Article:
In 2004 I designed a production of Carousel for the Music department at Simpson College. The director wanted realistic scenery depicting the signature scenic element. Since the carousel only appears in the prologue to the play, it needed to be constructed in such a way as to strike easily following the first 8 minutes. I conceived of a 5-part turntable. One of the parts was a 3′ square that housed the center pivot and 4 castors. The other 4 were pie-slice segments on swivel castors that roto-locked around the pivot. Each segment carried 1/4 of the carousel including a horse, a decorative central flat that formed the central column of the carousel, and 1/4 of the canopy element. Although it is not optimal to construct a revolve on swivel castors, they were necessary in order to permit the units, once disconnected, to roll offstage into our small backstage storage space.
We were hoping to locate realistic carousel horses, naively thinking that there might be some real ones in the area that we could borrow. We were disabused of this notion after exhausting all local leads. So, I turned to the trusty Stagecraft Mailing List for some suggestions. We got several leads for companies that had done Carousel. Most were stylistically incompatible with our plans and most would have required prohibitively expensive shipping. However, John Gibilisco of the Omaha Playhouse contacted me with the information that the company had done a production of the musical a few years before and still had some of the horses. As it turned out, only 2 remained, but I was able to rent them for a reasonable sum. Since Omaha is only a couple-hour drive from Indianola, Iowa (and Simpson College) I picked them up in my Jeep and little 6′ trailer. That left us two horses shy.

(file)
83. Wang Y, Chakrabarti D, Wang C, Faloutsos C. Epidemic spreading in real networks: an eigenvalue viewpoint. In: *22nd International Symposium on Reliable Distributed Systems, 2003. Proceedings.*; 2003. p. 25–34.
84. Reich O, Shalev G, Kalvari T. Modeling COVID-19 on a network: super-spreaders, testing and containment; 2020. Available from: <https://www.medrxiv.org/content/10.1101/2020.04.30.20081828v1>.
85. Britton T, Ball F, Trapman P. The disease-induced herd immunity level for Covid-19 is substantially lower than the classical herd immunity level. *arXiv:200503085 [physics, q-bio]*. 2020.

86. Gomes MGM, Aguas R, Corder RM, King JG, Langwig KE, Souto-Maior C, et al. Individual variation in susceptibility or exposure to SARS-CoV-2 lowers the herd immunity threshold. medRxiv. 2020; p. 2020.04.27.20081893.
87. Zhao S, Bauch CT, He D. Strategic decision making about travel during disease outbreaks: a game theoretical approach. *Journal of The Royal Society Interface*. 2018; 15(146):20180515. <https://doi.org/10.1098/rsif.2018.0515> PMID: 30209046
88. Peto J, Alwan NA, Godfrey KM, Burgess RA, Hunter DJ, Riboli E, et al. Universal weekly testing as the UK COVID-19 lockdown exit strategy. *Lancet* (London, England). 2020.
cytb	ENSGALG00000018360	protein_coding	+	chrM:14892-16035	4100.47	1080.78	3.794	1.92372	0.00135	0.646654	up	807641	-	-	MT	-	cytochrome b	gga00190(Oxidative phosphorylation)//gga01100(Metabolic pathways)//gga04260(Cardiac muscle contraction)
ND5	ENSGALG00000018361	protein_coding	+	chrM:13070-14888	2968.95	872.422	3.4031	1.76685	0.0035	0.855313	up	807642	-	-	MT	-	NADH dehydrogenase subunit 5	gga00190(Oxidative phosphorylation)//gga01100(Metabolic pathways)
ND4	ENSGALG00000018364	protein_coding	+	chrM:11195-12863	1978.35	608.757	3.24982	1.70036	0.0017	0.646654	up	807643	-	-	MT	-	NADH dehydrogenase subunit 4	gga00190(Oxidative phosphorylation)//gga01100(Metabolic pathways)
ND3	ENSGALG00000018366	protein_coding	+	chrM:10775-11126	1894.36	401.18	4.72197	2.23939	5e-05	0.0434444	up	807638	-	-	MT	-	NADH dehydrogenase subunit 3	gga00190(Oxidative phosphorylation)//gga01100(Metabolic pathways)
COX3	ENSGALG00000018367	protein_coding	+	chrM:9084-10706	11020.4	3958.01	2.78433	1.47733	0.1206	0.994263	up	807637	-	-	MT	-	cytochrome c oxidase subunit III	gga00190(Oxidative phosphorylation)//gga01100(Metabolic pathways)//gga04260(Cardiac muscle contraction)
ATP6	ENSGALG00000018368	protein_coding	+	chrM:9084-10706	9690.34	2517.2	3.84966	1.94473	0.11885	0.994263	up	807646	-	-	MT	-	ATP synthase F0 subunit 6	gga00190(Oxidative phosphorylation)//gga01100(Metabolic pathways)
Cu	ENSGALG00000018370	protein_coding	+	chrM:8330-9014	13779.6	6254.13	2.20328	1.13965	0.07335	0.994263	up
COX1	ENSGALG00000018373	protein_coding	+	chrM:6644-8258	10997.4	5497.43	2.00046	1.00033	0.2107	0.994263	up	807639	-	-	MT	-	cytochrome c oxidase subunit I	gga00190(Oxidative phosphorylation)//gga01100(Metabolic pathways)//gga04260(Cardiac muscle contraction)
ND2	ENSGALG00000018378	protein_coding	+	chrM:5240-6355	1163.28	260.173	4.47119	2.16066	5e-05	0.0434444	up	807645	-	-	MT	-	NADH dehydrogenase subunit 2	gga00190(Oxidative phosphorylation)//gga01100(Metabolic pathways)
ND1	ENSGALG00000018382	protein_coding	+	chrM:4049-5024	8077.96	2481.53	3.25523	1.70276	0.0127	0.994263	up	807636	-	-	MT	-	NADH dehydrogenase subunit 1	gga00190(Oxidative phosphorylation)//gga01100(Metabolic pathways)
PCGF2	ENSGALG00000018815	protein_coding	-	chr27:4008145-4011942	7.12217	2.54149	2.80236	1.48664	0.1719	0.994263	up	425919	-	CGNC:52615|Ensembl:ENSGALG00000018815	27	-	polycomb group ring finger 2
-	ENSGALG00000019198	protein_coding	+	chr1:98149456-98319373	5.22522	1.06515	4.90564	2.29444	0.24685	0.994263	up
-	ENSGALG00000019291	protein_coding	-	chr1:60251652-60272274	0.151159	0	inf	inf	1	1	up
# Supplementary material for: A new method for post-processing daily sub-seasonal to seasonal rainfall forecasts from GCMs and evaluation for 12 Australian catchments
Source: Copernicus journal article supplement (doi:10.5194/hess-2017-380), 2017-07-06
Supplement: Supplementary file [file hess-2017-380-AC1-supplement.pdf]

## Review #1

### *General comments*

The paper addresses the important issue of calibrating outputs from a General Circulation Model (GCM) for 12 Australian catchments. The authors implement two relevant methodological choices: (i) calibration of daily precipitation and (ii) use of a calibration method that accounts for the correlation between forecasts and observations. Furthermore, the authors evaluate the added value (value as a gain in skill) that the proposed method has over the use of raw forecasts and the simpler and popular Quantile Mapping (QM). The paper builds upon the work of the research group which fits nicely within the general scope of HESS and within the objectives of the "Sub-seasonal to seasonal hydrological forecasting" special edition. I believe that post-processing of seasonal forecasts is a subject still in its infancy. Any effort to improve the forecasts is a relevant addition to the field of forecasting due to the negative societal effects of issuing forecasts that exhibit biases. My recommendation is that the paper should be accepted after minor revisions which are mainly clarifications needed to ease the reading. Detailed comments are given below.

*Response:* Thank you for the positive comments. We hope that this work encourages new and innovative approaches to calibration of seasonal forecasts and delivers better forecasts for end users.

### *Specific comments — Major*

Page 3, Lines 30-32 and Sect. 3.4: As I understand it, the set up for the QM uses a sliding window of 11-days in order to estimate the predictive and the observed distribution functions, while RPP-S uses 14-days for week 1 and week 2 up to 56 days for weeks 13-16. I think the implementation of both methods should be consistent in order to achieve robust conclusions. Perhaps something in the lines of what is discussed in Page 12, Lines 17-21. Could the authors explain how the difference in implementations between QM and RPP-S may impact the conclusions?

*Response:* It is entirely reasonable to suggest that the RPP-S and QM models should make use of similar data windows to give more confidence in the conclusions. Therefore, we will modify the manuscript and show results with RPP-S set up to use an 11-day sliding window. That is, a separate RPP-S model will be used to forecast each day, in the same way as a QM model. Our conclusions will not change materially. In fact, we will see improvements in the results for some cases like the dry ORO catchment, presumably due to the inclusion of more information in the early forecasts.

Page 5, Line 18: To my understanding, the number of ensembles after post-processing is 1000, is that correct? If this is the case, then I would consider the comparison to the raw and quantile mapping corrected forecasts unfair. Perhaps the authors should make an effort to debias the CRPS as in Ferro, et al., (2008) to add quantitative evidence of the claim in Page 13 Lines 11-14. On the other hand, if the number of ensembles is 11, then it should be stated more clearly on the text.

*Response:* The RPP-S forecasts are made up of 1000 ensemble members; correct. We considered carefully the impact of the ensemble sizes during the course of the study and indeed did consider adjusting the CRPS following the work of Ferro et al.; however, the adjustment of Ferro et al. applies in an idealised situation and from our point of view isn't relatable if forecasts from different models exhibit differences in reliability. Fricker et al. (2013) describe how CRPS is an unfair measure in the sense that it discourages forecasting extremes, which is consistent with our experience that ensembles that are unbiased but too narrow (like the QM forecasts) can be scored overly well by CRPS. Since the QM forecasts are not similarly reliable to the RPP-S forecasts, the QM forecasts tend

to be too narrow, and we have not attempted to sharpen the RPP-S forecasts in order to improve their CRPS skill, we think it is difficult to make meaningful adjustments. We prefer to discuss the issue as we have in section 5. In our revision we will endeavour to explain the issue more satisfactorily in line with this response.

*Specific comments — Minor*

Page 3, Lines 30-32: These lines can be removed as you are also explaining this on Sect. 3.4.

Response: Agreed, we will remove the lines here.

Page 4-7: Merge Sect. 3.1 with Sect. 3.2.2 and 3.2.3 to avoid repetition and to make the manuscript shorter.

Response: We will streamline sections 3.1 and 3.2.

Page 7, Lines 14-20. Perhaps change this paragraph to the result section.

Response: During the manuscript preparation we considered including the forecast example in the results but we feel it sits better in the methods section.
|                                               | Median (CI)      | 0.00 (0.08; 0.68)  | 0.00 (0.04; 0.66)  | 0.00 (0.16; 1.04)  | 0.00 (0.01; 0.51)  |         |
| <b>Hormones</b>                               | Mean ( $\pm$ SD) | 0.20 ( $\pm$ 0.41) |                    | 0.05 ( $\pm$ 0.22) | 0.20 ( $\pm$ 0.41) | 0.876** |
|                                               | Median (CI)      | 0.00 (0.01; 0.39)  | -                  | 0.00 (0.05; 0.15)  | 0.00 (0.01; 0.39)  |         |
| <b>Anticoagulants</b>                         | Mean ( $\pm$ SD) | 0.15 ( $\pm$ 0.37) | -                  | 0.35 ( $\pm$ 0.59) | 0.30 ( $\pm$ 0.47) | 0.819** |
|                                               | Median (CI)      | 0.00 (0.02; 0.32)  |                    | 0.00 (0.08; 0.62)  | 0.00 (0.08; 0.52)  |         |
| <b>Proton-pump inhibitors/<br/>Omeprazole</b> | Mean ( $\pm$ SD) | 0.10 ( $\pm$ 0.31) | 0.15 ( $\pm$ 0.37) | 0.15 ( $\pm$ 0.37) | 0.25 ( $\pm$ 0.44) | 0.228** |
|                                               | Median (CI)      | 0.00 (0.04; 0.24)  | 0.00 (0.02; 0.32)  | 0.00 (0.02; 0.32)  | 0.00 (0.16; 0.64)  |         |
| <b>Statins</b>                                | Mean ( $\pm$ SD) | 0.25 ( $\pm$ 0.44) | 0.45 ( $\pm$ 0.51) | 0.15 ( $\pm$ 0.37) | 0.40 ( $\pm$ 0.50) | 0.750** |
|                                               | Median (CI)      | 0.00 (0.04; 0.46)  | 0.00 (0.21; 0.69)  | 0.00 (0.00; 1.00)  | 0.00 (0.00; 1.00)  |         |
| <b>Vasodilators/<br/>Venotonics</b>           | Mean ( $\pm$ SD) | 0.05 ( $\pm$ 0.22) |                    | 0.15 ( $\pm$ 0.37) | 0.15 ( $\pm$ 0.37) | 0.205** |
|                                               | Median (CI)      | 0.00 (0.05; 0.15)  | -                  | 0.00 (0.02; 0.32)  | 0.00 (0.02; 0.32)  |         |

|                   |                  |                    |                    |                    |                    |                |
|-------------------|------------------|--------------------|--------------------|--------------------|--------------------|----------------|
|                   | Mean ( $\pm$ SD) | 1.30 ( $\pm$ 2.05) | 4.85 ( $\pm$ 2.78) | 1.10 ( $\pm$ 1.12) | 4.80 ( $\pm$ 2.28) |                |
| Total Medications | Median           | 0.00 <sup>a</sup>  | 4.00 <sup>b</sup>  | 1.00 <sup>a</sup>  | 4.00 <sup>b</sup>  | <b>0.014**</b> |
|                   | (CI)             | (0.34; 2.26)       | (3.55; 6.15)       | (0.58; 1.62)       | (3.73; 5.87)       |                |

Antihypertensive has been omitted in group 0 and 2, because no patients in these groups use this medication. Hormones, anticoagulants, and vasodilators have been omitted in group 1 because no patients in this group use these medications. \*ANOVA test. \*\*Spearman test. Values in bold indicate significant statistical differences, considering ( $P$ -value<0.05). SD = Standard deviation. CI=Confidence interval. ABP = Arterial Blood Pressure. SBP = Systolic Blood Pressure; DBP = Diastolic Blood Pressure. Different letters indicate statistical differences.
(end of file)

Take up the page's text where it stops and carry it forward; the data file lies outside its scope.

Another contact from the Stagecraft mailing list directed me to: Rotronics Plastic Products of 2807 Stephen F Austin Dr, Brownwood, Texas 76801-6454. I was able to order two “stander” style horses from them. My notes indicate that we may have paid as much as $325 each and also around $200 in shipping. When they arrived, they were bright white plastic and hollow and made of thickly formed rotational moulded plastic (not unlike those plastic kayaks, which,by-the-way, Rotronics also fabricated). The horses arrived needing to be trimmed of the mold “flashing” and painted. The Omaha Playhouse horses were slightly different models (a “jumper & a prancer) of a similar size and style, so we painted our new ones to match the rented ones and nobody was the wiser.
Over the years, one or the other of our horses appeared in various productions. One was used for a Theatre Simpson production of Into the Woods. However, for the most part, our two horses just sat in storage and collected dust.
When plans were laid for a joint Theatre & Music department production of Carousel to kick off the 2014-15 season I expected that the carousel horses would be the least of my worries. I already had two of them and I knew where to find another two…I thought. Unfortunately, time had not been as kind to the Omaha horses. It seems they only had one remaining, and photos of that one suggested that the legs had been chopped off! In any event, I needed to procure two more horses. I pulled out my records and tried to contact Rotronics. However, the phone numbers didn’t work and when I tried to log onto their website, I kept getting redirected to various other companies. Turns out, Rotronics went out of business a couple of years before. What’s more, their assets were divided up between at least 3 different companies. After getting directed and redirected to several people from several companies, Dawn Whitney of Armeria LLC (one of the companies that appear to have acquired some Rotronics assets) directed me to a company called “Meese Inc” who according to her “has the carousel horses”. A little Google-foo got me information on Meese, Orbitron, Dunne company at 4920 State Road, Ashtabula, OH 44004, (800) 772-7659